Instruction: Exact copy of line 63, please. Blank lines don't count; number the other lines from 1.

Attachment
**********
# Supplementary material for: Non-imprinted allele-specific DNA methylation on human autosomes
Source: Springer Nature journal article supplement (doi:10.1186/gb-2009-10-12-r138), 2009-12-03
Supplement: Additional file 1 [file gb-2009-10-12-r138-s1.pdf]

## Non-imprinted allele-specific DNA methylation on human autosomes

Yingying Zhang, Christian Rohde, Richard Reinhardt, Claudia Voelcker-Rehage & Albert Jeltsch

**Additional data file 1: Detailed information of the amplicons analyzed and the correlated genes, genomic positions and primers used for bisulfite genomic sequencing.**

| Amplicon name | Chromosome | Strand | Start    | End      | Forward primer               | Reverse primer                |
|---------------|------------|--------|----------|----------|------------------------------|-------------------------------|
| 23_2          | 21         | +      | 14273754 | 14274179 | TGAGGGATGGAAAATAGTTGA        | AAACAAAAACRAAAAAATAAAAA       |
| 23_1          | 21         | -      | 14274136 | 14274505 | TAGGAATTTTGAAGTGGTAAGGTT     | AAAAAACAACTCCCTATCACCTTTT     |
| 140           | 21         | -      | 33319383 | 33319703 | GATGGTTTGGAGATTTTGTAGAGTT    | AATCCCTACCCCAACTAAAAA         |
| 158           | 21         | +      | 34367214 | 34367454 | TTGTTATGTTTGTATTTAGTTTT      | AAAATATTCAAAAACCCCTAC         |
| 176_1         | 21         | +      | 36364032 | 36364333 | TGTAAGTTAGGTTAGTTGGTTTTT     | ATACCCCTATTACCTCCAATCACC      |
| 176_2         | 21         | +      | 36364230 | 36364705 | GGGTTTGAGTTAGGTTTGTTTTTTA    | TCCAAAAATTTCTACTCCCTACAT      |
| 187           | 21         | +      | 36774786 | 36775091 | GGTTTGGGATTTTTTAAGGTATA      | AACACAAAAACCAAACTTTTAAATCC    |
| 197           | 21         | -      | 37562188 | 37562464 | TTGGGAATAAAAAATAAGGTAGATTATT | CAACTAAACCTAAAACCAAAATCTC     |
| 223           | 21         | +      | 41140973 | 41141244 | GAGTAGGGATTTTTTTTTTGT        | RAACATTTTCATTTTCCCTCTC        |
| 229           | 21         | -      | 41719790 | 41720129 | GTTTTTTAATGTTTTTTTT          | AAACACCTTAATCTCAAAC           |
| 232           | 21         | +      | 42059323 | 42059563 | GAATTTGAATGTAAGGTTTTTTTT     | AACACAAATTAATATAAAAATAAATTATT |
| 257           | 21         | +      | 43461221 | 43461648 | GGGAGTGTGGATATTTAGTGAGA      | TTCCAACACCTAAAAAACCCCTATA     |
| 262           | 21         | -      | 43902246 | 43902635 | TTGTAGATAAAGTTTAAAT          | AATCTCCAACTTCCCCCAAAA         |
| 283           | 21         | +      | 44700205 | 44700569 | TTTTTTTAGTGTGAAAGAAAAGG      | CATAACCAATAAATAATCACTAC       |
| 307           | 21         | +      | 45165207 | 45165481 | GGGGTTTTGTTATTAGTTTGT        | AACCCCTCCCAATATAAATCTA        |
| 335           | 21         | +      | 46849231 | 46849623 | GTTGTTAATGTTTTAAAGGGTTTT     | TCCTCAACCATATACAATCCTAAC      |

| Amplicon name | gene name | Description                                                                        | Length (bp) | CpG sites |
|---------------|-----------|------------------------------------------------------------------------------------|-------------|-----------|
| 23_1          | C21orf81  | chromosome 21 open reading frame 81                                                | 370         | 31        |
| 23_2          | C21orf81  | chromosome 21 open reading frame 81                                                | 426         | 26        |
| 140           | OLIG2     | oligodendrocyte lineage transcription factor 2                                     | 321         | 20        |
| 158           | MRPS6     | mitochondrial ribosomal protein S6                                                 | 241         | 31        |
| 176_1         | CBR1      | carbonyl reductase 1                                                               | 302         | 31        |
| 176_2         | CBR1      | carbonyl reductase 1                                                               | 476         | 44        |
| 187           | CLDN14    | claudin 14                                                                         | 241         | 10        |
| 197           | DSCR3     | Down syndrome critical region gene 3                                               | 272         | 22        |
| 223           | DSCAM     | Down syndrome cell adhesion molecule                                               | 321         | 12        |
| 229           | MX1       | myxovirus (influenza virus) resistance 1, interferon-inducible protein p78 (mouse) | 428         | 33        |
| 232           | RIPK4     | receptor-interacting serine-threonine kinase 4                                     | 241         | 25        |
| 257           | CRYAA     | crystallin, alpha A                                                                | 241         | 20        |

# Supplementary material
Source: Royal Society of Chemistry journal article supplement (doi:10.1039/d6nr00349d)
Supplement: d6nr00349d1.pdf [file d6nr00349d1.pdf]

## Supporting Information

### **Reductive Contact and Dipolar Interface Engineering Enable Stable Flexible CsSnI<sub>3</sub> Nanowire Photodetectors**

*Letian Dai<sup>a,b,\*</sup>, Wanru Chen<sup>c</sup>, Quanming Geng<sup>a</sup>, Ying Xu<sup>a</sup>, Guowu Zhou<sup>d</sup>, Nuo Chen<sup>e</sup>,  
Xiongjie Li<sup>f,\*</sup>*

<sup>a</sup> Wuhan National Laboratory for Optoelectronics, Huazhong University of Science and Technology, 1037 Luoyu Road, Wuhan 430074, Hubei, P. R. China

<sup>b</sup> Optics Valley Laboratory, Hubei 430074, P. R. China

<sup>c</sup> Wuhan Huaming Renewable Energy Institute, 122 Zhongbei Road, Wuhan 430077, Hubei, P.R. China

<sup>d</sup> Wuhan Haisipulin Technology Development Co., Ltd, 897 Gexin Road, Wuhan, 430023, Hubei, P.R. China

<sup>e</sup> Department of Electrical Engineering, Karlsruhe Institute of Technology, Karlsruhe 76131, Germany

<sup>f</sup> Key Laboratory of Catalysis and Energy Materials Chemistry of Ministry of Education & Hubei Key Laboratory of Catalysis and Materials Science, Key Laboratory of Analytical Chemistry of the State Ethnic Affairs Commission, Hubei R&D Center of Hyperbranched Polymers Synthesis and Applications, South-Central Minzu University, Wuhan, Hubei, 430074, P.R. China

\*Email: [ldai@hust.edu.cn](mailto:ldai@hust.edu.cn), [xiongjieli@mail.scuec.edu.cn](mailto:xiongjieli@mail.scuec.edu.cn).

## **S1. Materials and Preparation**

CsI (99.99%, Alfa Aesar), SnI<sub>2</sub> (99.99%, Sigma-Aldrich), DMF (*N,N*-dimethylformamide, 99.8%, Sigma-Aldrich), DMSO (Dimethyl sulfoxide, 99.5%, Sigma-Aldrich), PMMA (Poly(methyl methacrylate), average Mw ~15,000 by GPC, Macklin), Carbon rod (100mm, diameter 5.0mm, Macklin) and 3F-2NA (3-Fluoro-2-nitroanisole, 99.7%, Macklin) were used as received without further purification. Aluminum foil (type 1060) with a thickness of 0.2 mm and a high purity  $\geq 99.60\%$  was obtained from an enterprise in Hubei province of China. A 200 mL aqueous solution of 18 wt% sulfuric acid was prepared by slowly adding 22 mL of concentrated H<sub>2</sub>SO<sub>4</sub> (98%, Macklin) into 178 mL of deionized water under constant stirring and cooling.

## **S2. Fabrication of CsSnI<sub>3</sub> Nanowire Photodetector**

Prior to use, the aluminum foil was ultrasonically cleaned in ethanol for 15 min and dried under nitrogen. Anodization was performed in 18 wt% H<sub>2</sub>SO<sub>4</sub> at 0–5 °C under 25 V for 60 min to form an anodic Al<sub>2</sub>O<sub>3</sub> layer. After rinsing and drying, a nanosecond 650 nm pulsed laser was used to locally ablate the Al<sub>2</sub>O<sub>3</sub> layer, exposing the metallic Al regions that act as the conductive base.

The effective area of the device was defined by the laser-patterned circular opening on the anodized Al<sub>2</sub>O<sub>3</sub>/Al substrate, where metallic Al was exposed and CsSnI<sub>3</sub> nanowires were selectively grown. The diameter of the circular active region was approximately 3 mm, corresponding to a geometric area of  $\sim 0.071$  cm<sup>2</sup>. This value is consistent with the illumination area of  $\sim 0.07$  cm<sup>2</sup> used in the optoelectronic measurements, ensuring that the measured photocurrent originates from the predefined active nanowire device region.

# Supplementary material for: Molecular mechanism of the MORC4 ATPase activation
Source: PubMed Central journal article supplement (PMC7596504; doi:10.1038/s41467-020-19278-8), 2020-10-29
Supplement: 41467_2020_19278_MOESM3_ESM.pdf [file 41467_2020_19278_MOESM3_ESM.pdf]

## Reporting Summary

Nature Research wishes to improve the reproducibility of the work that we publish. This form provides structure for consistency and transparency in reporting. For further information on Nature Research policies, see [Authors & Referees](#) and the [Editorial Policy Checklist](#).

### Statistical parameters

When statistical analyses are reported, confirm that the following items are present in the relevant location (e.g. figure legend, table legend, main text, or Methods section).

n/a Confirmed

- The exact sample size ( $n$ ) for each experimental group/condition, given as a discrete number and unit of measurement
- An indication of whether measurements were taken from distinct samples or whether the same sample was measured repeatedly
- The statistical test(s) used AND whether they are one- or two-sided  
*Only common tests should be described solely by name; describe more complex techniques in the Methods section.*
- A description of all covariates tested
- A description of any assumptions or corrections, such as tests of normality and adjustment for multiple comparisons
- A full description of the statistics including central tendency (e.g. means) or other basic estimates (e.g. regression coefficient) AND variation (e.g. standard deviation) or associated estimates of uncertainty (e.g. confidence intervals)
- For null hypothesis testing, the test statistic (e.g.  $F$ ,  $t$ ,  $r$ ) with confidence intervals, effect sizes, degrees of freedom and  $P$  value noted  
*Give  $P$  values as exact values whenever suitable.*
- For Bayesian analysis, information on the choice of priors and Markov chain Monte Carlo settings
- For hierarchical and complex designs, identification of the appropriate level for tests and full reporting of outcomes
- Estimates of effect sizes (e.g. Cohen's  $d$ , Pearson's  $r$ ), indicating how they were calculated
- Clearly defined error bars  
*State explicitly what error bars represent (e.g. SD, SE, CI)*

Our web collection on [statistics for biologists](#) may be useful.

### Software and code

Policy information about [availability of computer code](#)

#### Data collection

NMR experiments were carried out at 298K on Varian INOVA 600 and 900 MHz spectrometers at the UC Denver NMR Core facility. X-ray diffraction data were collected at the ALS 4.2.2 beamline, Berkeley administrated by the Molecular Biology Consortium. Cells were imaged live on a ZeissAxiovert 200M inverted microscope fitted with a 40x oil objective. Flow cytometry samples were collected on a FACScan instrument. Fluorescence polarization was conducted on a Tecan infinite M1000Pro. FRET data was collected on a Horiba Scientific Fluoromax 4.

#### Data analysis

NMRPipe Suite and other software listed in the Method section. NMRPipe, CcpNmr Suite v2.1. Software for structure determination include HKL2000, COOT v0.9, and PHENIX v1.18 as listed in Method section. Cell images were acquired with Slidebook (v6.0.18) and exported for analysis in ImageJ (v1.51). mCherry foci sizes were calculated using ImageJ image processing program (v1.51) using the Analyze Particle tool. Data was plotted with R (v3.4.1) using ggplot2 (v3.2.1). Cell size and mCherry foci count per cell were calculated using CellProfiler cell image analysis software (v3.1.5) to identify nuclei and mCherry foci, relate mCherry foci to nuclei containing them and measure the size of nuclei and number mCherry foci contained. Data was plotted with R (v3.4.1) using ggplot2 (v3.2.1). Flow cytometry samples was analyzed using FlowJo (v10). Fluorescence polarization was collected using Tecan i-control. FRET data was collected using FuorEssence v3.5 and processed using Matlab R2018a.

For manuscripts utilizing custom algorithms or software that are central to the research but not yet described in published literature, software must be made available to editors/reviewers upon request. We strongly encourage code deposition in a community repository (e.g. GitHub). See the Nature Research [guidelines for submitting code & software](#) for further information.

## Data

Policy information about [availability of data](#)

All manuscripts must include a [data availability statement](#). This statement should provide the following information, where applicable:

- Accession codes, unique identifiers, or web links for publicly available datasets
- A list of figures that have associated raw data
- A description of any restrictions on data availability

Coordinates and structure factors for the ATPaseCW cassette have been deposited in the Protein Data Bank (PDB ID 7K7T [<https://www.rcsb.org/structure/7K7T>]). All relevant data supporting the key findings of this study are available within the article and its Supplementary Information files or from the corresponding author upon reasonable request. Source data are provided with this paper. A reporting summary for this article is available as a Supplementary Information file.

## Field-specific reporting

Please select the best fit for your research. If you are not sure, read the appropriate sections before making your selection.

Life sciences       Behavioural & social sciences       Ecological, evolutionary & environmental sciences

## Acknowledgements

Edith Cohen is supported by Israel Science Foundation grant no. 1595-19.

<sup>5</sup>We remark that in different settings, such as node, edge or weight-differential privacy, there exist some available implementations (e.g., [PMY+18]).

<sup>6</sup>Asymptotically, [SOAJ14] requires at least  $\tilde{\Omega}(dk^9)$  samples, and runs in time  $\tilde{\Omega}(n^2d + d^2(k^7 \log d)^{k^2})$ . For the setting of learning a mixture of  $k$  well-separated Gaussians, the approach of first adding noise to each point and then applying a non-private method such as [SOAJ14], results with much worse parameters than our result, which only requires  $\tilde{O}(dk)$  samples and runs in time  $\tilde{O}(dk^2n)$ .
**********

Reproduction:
### Statistical parameters